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PCOM and NYCOM

Discussion in 'Medical Students - DO' started by kaiza, Jun 30, 2000.

  1. kaiza

    kaiza New Member

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    I am really interested in PCOM and NYCOM and would like to know the stats of some of you guys that got it- if youre comfortable posting them I have a 3.3 overall, 3.1 science and a 28 MCAT What do you guys think my chances are? And do you have any advice on boosting them?
     
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  3. AMS-007

    AMS-007 Member
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    I am going to be a third year student (Class of 2002) at NYCOM this year and my stats are given below:

    MCAT: verbal: 9; physical science: 11; writing section: Q; biological sciences: 10; composite score: 30

    GPAs: Overall: 3.752; science; 3.523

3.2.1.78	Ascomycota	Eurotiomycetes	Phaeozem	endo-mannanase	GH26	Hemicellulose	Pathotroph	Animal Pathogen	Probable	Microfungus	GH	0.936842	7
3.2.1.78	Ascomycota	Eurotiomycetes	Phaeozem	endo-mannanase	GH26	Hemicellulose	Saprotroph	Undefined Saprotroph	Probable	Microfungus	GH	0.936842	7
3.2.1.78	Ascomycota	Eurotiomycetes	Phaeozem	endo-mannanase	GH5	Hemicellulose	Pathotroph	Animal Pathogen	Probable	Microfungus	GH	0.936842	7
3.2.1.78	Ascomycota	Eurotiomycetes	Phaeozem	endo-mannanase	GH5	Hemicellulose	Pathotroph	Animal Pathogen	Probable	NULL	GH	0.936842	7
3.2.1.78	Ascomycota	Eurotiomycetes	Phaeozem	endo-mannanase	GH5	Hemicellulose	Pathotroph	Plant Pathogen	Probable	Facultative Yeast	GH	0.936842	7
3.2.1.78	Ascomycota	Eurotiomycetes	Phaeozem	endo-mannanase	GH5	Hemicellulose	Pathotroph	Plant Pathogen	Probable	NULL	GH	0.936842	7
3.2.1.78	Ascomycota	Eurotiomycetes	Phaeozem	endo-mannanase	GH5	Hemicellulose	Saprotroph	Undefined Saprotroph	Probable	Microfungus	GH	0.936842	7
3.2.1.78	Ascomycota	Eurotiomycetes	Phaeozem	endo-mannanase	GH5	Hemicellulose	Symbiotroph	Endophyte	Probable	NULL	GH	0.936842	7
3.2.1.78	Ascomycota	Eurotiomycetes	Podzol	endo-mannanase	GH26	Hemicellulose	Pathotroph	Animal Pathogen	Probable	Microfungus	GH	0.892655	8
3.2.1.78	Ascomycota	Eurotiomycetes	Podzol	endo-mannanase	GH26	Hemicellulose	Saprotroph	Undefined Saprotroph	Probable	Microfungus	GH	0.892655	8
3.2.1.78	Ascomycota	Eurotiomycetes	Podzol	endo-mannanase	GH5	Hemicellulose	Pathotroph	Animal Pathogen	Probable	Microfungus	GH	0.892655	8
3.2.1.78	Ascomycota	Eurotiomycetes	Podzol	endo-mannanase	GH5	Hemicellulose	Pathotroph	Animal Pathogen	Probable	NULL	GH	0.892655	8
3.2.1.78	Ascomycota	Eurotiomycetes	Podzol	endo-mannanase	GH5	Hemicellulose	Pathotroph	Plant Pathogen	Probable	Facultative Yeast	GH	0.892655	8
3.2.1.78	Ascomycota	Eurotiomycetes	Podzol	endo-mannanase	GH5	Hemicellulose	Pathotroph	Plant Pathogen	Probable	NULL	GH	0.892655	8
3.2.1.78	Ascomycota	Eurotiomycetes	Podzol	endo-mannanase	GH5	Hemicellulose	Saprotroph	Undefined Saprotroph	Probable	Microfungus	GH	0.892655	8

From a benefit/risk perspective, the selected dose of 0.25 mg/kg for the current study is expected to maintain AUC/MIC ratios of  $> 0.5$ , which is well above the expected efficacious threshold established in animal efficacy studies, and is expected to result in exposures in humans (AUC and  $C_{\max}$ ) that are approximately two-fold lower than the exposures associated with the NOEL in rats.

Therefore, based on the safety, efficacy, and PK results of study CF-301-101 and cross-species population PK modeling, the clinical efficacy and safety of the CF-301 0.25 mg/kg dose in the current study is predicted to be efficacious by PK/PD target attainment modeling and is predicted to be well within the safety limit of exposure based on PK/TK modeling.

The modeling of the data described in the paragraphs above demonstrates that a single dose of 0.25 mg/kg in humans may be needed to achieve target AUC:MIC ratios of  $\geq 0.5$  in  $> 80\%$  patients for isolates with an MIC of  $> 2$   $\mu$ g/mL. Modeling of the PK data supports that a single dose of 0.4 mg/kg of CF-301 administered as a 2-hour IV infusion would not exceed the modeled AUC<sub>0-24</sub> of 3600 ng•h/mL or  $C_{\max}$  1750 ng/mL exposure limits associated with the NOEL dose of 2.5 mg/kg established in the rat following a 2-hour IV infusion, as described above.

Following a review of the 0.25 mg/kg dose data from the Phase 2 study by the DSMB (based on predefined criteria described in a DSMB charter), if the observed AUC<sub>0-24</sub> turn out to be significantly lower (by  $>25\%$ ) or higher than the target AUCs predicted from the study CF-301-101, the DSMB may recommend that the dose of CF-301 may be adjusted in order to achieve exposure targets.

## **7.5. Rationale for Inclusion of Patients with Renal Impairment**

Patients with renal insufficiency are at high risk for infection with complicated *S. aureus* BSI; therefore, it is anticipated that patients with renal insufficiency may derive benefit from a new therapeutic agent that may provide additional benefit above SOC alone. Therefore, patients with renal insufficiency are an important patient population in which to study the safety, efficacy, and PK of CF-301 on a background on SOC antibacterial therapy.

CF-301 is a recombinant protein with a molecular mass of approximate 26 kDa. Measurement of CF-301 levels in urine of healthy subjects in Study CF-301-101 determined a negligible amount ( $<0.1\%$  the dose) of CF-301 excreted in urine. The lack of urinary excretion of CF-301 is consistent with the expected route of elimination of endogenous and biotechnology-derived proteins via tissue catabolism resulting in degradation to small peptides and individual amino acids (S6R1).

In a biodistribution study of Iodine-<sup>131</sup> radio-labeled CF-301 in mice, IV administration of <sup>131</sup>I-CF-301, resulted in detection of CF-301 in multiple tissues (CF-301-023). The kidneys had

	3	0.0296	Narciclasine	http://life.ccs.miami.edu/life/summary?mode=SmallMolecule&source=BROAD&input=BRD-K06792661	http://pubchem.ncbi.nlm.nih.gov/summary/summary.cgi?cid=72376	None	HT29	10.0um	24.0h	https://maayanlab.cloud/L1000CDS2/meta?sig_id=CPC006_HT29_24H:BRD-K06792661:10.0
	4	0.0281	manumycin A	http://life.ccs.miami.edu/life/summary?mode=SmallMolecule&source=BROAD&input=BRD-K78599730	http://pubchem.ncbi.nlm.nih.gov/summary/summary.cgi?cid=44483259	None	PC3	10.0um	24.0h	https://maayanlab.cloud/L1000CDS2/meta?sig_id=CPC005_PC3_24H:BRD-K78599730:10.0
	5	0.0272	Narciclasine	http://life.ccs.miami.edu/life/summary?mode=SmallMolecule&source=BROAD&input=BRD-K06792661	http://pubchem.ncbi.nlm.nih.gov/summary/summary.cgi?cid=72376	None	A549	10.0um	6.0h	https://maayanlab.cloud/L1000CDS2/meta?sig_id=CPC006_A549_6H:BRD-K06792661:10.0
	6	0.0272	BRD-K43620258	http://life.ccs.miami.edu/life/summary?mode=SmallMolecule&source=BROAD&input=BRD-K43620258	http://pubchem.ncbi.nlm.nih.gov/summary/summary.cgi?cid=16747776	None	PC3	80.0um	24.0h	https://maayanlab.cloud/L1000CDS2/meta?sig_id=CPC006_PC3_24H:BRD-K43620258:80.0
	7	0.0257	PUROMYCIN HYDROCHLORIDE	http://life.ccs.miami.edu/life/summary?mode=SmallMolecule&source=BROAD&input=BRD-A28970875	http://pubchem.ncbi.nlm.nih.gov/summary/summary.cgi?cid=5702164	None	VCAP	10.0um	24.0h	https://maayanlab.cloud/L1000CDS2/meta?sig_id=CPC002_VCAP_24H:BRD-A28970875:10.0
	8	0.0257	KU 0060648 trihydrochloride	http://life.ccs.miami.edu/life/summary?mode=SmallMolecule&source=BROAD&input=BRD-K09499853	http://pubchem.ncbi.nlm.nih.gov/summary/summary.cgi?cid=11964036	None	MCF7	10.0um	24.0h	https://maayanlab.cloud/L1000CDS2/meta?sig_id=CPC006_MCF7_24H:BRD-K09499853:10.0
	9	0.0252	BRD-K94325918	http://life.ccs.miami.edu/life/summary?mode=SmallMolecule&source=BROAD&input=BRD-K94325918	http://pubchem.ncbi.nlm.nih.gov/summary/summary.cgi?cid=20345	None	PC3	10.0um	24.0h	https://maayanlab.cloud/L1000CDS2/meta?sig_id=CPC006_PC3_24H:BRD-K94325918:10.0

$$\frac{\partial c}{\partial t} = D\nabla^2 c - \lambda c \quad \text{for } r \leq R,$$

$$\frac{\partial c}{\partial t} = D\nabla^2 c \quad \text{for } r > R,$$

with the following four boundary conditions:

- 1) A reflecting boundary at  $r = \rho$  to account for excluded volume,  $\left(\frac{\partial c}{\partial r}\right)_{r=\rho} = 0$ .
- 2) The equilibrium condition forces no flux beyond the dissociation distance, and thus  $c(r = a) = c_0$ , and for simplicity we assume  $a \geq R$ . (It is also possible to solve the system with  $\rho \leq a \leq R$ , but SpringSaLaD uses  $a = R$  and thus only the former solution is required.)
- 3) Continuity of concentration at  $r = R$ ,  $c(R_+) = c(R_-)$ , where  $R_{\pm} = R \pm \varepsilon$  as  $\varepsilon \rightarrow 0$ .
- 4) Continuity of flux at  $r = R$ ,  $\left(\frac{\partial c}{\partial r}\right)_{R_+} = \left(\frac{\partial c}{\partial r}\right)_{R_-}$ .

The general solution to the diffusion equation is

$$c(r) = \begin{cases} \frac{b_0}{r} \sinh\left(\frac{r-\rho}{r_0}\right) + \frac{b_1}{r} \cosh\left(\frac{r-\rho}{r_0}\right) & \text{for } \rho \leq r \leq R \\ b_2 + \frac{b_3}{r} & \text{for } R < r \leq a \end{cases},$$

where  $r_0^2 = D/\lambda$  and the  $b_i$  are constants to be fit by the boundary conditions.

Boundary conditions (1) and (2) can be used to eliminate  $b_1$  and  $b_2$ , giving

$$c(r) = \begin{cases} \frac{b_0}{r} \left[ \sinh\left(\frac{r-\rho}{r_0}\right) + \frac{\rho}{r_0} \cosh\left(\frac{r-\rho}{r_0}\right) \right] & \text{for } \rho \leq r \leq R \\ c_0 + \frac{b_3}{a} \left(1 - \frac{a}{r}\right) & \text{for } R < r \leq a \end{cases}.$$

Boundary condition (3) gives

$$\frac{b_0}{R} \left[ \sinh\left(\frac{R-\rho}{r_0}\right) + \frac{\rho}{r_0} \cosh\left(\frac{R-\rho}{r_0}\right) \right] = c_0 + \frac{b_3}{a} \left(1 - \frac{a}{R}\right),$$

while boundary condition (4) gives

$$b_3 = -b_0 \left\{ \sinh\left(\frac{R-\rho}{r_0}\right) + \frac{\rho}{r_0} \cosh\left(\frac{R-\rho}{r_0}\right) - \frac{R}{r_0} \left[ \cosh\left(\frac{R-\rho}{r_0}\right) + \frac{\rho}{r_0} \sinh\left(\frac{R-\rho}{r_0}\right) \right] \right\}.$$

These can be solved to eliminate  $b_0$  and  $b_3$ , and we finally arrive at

I've always been interested in osteopathic medicine because of its philosophy and because my family physician was a D.O. He had some input on helping me select which school I should attend. He himself was a NYCOM grad.

    I applied to both MD and DO school and was accepted by both. But I chose to become a DO because of the two reasons I mentioned above and also because it was closer to home. NYCOM is only a 10-15 minute car ride from my house. When you live at home, it certainly takes a lot of the pressure off because you have to worry about too many things besides your school work.

    As for your qualification, I think you have a good chance of getting at the least an interview at NYCOM for sure. I can also go far enough to say that you might one of the first few who may be accepted if you apply early and make a good impression on the interviewer(s).

    Before you apply you should:
    (1) Make sure you have spoken with a D.O.; Although NYCOM does not require a D.O. letter, it certainly makes a good impression on the committee if you have one.

    (2) Make sure you learn all that you can about Osteopathy and D.O.s before you come to the interview. I suggest you read "The D.O.s" by Norman Gevitz (don't quote me on the spelling of the author's last name). You might want to visit: http://www.interviewfeedback.com

    This site has the feedback from people who have interviewed at various med schools including NYCOM.